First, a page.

From mid-morning to afternoon, you may spot one sleeping with its tail between its legs, leaning forward with its head resting on the ground.
During the day, shy red-necked pademelons Thylogale thetis use the dense rainforest to hide from predators while feeding on leaves and fruits from the forest floor. If disturbed, pademelons make a loud thumping noise with their hind feet, sending out a warning as they flee to safety. After dark, these cautious creatures venture to the more open forest edge to feed on grasses and make up a significant part of our Local Wildlife.
Australia’s largest skink, the land mullet Egernia major, can be seen basking in patches of warm sunlight on the forest floor. Its distinctive dark colouring acts as camouflage and helps it absorb heat from the limited sunlight available.
If you’re lucky, you may catch a glimpse of the vulnerable tusked frog Adelotus brevis. Tusked frogs get their name from the enlarged pair of teeth or ‘tusks’ found in the lower jaw of males, which they use to defend their territory. This ground-dwelling amphibian grows to only five centimetres in length and spends its days hiding among logs, stones and vegetation along the creek.
Preferring the shaded rainforest gullies of The Knoll, the cascade treefrog Litoria pearsoniana may be heard calling from vegetation along the creek’s edge. This small green and brown frog is largely restricted to mountain rainforest streams.
It is one of several stream-dwelling frog species in South East Queensland that are experiencing population decline. Our Local Wildlife is under constant threat.
This egg-laying, duck-billed, beaver-tailed, otter-footed mammal is an iconic symbol of Australia and features on our 20 cent coin. Families of these shy and unusual creatures live in the crystal clean waters of our mountain.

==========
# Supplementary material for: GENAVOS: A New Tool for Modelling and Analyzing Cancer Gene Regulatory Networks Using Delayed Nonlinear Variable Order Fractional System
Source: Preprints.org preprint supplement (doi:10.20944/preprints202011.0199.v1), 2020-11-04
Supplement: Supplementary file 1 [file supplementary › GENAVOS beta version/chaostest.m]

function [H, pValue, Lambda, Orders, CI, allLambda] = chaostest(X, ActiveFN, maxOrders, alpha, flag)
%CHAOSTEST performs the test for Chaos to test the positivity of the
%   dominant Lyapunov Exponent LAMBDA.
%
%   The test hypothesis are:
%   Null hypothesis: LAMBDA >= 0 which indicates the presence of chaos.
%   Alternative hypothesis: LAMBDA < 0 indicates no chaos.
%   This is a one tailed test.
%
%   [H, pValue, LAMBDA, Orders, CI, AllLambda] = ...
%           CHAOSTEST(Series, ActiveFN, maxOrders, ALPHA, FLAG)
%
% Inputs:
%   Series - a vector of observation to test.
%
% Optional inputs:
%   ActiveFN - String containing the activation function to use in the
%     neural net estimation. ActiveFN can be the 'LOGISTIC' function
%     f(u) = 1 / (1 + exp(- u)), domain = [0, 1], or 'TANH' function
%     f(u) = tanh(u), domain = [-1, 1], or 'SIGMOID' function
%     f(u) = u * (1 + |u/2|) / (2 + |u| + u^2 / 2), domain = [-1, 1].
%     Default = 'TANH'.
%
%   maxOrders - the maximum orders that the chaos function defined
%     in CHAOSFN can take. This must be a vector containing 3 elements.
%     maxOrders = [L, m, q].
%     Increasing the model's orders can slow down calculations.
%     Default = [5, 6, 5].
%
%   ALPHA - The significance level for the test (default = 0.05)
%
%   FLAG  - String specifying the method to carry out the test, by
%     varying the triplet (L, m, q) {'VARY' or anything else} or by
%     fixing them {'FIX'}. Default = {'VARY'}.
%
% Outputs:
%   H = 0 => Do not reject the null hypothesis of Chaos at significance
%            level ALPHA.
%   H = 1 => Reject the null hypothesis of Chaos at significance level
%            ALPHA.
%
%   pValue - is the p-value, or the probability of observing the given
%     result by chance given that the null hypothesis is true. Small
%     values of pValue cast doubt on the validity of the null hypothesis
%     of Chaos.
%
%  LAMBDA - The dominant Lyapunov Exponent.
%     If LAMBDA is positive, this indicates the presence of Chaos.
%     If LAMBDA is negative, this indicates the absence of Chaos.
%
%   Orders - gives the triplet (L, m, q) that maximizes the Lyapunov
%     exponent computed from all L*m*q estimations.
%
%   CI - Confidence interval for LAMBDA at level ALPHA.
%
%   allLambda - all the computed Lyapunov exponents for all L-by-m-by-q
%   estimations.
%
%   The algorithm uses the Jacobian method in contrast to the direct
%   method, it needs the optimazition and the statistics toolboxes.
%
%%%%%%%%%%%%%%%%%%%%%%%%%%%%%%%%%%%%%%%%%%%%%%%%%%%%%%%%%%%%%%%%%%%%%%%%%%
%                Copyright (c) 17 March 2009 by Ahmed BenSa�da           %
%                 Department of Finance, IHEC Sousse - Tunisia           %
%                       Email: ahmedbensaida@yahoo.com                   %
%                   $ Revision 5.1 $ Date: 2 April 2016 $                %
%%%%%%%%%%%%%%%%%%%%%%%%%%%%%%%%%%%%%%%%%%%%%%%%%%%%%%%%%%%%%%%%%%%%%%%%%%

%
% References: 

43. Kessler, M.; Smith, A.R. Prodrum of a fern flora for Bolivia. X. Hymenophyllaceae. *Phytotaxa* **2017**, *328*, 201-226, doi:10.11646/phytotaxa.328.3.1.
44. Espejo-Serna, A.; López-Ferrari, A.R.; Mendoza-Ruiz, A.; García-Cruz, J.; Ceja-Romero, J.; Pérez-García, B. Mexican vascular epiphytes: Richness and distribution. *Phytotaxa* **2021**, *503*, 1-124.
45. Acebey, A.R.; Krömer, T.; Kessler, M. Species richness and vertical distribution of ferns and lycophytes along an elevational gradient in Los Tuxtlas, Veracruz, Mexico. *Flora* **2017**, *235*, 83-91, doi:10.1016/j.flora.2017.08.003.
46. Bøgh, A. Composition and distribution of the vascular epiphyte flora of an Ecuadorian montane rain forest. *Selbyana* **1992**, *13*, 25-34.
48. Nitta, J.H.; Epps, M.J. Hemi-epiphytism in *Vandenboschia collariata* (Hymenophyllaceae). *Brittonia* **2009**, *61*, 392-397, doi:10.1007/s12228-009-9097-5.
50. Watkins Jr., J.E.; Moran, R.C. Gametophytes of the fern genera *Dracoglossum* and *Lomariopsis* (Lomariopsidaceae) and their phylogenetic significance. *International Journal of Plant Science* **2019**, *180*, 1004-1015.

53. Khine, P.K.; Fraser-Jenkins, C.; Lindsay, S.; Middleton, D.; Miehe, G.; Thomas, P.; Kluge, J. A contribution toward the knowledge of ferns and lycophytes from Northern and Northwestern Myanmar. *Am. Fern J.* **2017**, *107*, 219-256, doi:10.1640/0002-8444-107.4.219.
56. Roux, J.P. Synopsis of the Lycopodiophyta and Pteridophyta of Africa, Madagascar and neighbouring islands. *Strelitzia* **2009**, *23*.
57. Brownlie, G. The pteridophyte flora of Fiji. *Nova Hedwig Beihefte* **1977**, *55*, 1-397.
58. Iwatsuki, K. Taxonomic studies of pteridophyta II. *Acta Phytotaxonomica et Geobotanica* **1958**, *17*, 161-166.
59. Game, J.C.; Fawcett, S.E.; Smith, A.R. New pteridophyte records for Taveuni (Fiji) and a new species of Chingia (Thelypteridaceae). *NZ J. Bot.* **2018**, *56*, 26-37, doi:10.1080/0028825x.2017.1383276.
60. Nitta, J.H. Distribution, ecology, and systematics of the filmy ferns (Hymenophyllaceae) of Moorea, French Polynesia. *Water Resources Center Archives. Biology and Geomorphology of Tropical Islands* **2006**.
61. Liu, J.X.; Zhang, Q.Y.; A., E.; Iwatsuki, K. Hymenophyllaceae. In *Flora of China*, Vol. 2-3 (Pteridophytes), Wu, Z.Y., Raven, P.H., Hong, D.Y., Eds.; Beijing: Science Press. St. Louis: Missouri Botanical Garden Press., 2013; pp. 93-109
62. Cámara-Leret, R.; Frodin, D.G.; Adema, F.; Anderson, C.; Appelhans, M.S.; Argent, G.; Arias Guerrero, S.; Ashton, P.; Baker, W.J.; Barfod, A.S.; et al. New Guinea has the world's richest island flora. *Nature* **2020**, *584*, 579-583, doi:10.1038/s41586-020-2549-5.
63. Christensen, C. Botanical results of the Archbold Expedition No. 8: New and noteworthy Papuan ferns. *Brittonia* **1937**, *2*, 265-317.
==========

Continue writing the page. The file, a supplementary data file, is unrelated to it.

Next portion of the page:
While visiting the rock pools at Cedar Creek and Curtis Falls, look for the long-finned eel Anguilla reinhardtii swimming in the shadows.
Long-finned eels begin their life far out at sea, riding the currents down Australia’s east coast in search of estuaries. Young eels (called elvers) must undertake a gruelling upstream migration, wriggling up waterfalls and travelling over wet ground to find sanctuary in freshwater rivers and creeks.
After several decades, mature eels make one final journey downstream—travelling thousands of kilometres to return to the sea where they were born—to breed and die.
The Koala is everyone’s favourite. A cuddly tree dwelling, gum leaf eating marsupial with grey fur, a big black nose, fluffy ears, long sharp claws for climbing and no tail whatsoever. Young Koalas are known as Joeys and stay in their mother’s pouch for the first 6 months of their lives. Seeing a Koala is an experience you will never forget.
Richmond birdwing butterfly
If you’re lucky, you may catch a glimpse of the endangered Richmond birdwing butterfly Ornithoptera richmondia between October and March. This large butterfly can be seen flitting along the rainforest’s edge, in search of the native birdwing butterfly vine Paraistolochia praevenosa.
The Richmond birdwing butterfly lays its eggs on the leaves of this rainforest vine. When the butterfly larvae emerge from their eggs, they feed on the vine’s fleshy leaves.
Parts of the plateau and surrounding foothills encompassing the wet subtropical rainforest habitats have been identified as an important bird area. The area supports an isolated northern population of Albert’s lyrebirds, as well as pale-yellow robins, green catbirds, regent bowerbirds, satin bowerbirds and Australian logrunners.
Additional significant birds recorded from the site are glossy black cockatoos, sooty owls, marbled frogmouths and noisy pittas. Other animals present in the bird area include platypuses, short-beaked echidnas and Richmond birdwings. Make friends with a local – engage with the Local Wildlife.
On your bush walk you may encounter one or more of the above fauna specie or make friends with some of the other hundreds of animals, birds and creatures that call Mt. Tamborine their home.
150 Long Road,
Tamborine Mountain Qld 4272
Tel: (07) 5545 2330